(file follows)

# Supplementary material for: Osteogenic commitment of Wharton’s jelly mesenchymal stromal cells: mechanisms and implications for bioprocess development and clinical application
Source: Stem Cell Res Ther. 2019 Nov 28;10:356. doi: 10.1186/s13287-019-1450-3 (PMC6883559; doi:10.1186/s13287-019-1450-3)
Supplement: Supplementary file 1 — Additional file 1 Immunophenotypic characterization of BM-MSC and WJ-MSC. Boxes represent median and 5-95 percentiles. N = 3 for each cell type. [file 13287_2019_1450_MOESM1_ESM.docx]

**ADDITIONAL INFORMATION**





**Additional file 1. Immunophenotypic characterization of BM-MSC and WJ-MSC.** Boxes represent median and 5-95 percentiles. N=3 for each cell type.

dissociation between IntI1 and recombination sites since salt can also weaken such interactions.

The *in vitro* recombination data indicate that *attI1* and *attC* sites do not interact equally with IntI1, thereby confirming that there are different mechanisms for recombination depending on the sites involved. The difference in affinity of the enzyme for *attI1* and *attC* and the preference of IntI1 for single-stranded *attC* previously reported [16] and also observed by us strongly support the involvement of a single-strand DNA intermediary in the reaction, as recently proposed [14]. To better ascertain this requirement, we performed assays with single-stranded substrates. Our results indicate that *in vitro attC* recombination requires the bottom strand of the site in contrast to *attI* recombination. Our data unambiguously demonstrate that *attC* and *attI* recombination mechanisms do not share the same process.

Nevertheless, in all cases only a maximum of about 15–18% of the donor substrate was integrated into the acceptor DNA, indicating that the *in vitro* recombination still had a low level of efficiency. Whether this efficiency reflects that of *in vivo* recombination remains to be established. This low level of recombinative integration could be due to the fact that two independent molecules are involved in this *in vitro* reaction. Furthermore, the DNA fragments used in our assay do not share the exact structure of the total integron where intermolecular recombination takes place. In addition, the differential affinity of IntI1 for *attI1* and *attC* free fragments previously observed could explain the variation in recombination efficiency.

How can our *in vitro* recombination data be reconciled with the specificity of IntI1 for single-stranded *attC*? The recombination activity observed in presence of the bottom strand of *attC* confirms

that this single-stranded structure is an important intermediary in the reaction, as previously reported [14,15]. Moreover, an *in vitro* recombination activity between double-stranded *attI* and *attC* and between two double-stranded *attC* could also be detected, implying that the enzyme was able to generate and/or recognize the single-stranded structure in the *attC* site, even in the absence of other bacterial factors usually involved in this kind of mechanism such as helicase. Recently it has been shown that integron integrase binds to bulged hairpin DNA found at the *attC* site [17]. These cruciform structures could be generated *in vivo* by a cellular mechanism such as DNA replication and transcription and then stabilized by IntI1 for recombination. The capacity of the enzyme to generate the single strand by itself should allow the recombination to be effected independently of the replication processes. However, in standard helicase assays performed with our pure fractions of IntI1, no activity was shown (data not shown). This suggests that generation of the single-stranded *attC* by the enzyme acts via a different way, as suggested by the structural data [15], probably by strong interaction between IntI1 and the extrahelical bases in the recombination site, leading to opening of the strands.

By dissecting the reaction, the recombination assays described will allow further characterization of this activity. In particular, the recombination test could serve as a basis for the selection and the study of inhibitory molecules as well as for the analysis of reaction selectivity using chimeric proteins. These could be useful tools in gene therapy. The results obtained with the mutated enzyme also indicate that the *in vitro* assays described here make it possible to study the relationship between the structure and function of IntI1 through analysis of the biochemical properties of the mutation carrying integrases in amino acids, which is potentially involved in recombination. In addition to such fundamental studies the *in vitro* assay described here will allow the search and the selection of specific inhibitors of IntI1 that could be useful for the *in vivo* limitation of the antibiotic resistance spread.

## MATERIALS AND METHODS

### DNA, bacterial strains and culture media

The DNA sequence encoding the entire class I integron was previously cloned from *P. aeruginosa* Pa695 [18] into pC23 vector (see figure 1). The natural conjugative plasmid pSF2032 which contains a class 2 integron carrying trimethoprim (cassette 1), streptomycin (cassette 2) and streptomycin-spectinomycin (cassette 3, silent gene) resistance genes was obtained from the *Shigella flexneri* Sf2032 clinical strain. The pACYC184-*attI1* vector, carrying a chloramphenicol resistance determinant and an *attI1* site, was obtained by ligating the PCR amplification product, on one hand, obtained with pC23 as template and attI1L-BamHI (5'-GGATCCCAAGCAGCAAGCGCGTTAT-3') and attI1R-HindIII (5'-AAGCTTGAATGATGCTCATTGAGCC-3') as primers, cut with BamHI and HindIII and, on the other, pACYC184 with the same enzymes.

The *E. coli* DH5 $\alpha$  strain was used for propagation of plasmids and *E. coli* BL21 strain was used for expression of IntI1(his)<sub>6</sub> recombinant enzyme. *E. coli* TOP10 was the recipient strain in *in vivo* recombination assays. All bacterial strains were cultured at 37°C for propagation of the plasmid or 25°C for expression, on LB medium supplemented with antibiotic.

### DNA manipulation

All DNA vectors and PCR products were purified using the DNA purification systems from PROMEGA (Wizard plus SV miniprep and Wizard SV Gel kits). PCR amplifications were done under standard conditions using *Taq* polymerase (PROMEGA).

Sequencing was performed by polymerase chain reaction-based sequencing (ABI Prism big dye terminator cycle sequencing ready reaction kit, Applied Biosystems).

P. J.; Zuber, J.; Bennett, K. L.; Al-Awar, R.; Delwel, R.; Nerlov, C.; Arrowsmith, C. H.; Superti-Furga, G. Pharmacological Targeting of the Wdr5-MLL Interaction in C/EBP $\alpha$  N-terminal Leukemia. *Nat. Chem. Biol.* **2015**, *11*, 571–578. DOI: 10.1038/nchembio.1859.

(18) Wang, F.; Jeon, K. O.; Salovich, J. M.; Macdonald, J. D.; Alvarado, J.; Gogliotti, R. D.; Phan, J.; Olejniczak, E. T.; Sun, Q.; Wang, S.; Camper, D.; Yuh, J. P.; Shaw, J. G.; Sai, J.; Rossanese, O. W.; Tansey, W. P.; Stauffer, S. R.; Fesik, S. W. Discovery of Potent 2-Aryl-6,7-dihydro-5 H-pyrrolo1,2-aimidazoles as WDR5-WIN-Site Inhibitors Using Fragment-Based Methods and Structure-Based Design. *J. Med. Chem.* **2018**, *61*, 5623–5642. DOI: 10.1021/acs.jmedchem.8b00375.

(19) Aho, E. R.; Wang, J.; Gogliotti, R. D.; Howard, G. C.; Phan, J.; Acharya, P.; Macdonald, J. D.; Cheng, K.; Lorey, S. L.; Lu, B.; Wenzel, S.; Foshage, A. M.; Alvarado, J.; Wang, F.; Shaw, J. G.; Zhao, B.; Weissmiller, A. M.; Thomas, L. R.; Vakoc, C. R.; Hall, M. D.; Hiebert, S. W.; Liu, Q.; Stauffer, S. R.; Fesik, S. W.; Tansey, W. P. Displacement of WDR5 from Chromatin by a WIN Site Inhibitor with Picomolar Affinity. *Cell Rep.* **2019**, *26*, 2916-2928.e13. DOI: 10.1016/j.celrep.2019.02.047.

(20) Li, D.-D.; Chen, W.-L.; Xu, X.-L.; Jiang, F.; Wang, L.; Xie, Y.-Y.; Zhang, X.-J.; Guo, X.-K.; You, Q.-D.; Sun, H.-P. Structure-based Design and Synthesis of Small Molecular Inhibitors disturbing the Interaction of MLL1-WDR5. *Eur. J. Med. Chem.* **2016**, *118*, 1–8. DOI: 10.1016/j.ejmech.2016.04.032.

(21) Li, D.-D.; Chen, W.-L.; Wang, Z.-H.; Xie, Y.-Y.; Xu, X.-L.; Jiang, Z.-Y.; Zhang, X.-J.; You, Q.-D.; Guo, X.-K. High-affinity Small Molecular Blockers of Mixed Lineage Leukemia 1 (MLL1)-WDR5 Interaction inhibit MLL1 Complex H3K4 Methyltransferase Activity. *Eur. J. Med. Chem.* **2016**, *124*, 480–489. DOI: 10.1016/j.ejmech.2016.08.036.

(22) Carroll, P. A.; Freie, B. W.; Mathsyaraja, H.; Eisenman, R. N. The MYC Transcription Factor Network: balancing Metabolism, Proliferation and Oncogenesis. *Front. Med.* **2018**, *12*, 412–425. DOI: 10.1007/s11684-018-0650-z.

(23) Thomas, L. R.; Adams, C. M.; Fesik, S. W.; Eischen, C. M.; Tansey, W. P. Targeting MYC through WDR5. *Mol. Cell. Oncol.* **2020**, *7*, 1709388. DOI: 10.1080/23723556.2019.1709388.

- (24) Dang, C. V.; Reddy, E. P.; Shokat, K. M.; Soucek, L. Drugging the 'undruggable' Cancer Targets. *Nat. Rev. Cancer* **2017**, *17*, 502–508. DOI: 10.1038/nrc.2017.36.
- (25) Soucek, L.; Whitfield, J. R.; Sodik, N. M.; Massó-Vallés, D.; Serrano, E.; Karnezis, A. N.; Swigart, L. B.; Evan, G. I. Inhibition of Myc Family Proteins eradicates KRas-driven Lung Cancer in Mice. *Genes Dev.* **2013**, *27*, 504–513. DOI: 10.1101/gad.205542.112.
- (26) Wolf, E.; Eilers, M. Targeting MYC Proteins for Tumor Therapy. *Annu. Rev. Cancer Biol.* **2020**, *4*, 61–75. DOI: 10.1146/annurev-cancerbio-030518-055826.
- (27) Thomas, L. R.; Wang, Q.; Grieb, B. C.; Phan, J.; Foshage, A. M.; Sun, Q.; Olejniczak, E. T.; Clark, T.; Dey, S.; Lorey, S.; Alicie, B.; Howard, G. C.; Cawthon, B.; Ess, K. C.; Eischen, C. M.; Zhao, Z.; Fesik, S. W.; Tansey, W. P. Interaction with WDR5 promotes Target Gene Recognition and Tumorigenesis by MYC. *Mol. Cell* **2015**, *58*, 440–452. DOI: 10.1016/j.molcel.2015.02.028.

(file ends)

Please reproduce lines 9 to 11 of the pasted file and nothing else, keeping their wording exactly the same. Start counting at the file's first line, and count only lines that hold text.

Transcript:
How can our *in vitro* recombination data be reconciled with the specificity of IntI1 for single-stranded *attC*? The recombination activity observed in presence of the bottom strand of *attC* confirms

that this single-stranded structure is an important intermediary in the reaction, as previously reported [14,15]. Moreover, an *in vitro* recombination activity between double-stranded *attI* and *attC* and between two double-stranded *attC* could also be detected, implying that the enzyme was able to generate and/or recognize the single-stranded structure in the *attC* site, even in the absence of other bacterial factors usually involved in this kind of mechanism such as helicase. Recently it has been shown that integron integrase binds to bulged hairpin DNA found at the *attC* site [17]. These cruciform structures could be generated *in vivo* by a cellular mechanism such as DNA replication and transcription and then stabilized by IntI1 for recombination. The capacity of the enzyme to generate the single strand by itself should allow the recombination to be effected independently of the replication processes. However, in standard helicase assays performed with our pure fractions of IntI1, no activity was shown (data not shown). This suggests that generation of the single-stranded *attC* by the enzyme acts via a different way, as suggested by the structural data [15], probably by strong interaction between IntI1 and the extrahelical bases in the recombination site, leading to opening of the strands.

By dissecting the reaction, the recombination assays described will allow further characterization of this activity. In particular, the recombination test could serve as a basis for the selection and the study of inhibitory molecules as well as for the analysis of reaction selectivity using chimeric proteins. These could be useful tools in gene therapy. The results obtained with the mutated enzyme also indicate that the *in vitro* assays described here make it possible to study the relationship between the structure and function of IntI1 through analysis of the biochemical properties of the mutation carrying integrases in amino acids, which is potentially involved in recombination. In addition to such fundamental studies the *in vitro* assay described here will allow the search and the selection of specific inhibitors of IntI1 that could be useful for the *in vivo* limitation of the antibiotic resistance spread.